Data show 86.4 percent hike in people giving up property, land to avoid taxes
An increasing number of people are turning their backs on properties they have inherited to avoid paying the higher taxes that accompany them, according to new data from the country’s courts which show that applications for renunciation of property rose 86.4 percent last year compared to 2013.
According to the latest statistics, which were made public yesterday, a total of 54,422 such applications were lodged with the country’s local courts last year, compared to 45,628 in 2015 and 29,199 in 2013.
Experts attribute the rise to the tremendous increase in property taxes that successive governments have imposed over the years as part of bailout agreements with Greece’s creditors. According to official fig- ures, property owners paid seven times more in taxes last year compared to 2009, the year before the crisis hit. In 2009, property taxes did not exceed 500 million euros, while revenue collected from property reached 3.5 billion euros last year.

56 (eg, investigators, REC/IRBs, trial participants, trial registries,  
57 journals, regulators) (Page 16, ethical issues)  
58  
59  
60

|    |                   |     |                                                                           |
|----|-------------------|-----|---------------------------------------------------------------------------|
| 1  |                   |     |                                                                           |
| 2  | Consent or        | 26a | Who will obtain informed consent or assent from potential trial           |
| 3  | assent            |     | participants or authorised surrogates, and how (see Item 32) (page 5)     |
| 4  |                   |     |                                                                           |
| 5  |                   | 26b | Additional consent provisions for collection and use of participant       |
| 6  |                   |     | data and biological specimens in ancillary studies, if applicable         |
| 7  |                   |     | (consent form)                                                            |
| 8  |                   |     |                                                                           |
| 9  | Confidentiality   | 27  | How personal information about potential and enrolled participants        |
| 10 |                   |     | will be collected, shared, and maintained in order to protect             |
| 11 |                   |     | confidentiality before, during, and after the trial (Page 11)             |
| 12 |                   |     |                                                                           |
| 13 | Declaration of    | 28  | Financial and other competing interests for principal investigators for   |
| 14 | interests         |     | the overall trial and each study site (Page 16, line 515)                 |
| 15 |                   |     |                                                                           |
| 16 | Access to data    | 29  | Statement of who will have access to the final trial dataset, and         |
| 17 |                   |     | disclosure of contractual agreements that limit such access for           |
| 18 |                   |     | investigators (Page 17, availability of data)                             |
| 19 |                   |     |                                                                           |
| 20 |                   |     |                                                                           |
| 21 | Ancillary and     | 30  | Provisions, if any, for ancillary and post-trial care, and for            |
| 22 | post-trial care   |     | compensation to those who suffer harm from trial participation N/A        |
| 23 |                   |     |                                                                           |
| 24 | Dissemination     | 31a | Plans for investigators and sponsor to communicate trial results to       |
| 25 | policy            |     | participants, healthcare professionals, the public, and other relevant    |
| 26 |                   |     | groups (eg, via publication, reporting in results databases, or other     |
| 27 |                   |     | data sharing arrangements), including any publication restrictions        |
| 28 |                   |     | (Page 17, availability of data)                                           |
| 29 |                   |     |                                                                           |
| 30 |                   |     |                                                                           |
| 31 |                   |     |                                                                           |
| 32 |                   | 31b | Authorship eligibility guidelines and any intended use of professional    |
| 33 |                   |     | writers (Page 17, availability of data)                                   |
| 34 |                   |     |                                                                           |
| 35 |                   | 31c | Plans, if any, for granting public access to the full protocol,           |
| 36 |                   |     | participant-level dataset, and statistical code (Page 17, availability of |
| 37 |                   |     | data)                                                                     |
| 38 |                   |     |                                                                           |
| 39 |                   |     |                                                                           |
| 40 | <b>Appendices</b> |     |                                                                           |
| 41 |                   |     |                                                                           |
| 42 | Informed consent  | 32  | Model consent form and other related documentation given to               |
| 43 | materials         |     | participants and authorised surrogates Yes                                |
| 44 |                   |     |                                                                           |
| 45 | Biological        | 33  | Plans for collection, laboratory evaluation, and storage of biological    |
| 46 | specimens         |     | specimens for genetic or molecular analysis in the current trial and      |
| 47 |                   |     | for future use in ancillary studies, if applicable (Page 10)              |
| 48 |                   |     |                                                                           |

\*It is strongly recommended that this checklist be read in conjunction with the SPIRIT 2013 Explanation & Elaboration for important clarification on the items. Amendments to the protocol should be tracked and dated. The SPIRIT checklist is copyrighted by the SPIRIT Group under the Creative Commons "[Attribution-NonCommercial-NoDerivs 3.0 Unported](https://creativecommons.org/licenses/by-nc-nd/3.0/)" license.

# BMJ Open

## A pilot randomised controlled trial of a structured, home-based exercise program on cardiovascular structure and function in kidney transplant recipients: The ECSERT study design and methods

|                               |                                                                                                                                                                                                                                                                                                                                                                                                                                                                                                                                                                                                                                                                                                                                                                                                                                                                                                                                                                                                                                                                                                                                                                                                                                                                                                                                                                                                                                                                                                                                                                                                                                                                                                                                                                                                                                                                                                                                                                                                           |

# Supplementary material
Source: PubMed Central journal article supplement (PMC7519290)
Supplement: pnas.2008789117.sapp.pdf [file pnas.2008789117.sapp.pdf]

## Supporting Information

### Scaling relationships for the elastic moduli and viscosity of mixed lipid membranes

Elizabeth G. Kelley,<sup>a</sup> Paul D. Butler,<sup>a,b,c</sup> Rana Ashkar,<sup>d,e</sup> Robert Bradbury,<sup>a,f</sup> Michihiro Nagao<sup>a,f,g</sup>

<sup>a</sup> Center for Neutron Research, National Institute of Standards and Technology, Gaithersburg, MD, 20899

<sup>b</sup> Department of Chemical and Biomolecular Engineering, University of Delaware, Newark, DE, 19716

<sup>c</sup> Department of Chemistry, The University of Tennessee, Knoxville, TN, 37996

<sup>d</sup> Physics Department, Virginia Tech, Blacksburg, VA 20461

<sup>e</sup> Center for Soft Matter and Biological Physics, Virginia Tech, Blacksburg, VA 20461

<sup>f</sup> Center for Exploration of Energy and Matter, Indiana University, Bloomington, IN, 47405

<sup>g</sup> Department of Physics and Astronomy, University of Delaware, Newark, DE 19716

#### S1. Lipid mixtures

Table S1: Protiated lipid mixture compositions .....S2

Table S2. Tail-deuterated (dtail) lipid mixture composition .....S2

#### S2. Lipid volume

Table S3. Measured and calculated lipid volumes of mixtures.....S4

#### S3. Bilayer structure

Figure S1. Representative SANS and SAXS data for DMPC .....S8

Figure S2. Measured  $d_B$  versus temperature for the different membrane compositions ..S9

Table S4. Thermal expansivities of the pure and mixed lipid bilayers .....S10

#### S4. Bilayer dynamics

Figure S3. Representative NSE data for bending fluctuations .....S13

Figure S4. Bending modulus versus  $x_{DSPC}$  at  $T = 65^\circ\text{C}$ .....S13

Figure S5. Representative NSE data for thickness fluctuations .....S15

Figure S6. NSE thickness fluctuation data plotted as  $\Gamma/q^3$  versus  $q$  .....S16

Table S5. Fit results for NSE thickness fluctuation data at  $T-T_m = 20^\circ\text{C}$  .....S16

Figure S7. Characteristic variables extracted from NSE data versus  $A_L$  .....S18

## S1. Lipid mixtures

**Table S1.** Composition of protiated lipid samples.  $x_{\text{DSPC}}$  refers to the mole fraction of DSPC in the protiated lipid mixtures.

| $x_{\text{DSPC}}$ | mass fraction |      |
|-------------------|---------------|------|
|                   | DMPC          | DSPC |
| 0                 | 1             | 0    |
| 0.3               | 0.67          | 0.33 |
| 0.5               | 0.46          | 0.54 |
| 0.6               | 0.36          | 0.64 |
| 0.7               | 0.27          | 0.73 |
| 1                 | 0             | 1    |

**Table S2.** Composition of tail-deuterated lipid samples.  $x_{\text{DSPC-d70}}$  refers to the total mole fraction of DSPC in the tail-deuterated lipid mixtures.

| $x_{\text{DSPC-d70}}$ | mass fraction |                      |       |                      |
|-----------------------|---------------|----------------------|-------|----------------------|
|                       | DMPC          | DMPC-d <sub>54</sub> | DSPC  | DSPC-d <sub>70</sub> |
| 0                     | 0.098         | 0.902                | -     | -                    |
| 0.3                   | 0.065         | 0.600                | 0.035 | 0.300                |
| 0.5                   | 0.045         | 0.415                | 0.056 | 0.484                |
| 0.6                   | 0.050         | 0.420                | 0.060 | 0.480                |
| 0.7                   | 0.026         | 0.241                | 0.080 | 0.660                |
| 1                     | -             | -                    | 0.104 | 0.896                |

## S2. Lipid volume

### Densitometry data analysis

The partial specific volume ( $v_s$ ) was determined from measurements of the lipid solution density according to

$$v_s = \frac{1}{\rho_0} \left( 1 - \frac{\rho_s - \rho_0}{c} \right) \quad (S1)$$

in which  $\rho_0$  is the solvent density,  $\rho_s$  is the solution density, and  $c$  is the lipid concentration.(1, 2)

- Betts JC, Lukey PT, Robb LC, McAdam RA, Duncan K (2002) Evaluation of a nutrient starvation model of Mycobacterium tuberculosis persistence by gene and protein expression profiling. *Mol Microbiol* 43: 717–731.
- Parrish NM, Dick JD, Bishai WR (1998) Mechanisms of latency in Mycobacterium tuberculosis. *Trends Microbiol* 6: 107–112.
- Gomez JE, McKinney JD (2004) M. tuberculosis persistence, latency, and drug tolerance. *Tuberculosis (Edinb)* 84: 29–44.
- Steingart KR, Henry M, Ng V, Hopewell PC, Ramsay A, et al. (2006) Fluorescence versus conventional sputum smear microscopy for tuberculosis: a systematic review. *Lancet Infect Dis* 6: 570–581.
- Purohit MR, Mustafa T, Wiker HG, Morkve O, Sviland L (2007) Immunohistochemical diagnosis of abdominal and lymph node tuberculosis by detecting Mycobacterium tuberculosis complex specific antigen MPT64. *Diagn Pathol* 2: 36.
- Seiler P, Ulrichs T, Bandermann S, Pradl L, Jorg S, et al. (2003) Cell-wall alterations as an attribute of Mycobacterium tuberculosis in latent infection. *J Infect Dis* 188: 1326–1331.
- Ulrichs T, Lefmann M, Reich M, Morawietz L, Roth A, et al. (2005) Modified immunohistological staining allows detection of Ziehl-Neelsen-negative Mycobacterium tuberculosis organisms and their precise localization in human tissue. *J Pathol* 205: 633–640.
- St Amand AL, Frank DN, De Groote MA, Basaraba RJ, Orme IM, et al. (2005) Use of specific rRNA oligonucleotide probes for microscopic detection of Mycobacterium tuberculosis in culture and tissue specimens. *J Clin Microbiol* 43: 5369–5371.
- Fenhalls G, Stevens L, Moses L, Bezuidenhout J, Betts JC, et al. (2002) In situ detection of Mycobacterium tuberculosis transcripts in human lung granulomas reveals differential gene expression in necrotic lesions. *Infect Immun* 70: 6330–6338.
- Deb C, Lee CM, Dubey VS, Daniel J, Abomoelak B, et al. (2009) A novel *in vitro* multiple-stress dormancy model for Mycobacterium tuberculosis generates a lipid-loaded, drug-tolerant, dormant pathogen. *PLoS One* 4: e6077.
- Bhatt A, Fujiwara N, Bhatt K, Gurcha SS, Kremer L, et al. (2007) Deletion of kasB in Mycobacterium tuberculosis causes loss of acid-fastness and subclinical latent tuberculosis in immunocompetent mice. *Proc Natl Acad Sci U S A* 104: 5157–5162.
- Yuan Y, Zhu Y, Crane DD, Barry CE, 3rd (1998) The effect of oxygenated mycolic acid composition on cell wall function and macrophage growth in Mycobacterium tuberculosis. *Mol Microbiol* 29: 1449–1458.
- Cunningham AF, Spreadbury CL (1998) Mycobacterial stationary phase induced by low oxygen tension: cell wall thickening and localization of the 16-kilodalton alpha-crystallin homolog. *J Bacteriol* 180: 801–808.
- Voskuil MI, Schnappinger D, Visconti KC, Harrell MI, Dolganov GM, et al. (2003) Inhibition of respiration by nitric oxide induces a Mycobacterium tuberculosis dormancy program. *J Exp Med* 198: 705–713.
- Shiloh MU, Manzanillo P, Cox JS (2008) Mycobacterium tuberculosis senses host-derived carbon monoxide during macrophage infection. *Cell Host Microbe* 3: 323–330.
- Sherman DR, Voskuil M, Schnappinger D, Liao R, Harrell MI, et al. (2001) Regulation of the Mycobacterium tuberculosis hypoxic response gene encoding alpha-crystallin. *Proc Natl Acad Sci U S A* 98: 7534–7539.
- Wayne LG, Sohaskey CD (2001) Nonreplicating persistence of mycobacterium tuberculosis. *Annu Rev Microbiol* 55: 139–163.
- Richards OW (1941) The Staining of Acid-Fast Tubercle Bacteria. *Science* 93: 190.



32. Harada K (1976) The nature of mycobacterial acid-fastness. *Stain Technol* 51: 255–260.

Most of those who filed documents last year to renounce their inheritance did so in the country’s major cities, with 11,655 applications recorded in Athens, 5,563 in Thessaloniki, 1,938 in Piraeus and 1,473 in Patra.
People are not only giving up family houses and apartments but also plots of lands.
According to Nikos Stasinopoulos, formerly the head of the association representing Greek notaries, many people in the provinces give up inherited land even when the tax they would have to pay on it is relatively small. He offered the example of one beneficiary in the region of Gortynia who gave up a plot on which he faced a 150-euro levy, and a second who inherited a total of 98 plots of land in the region of Larissa from his father and aunt and was “relieved” to discover that he could hand them over to the state to avoid paying tax.
Leftist SYRIZA came to power in 2015 on a pledge to roll back austerity in all areas, notably by revoking the much-reviled unified property tax which is known by its acronym ENFIA. However, it has since indicated that the hated tax must stay and might be tweaked at an unspecified date.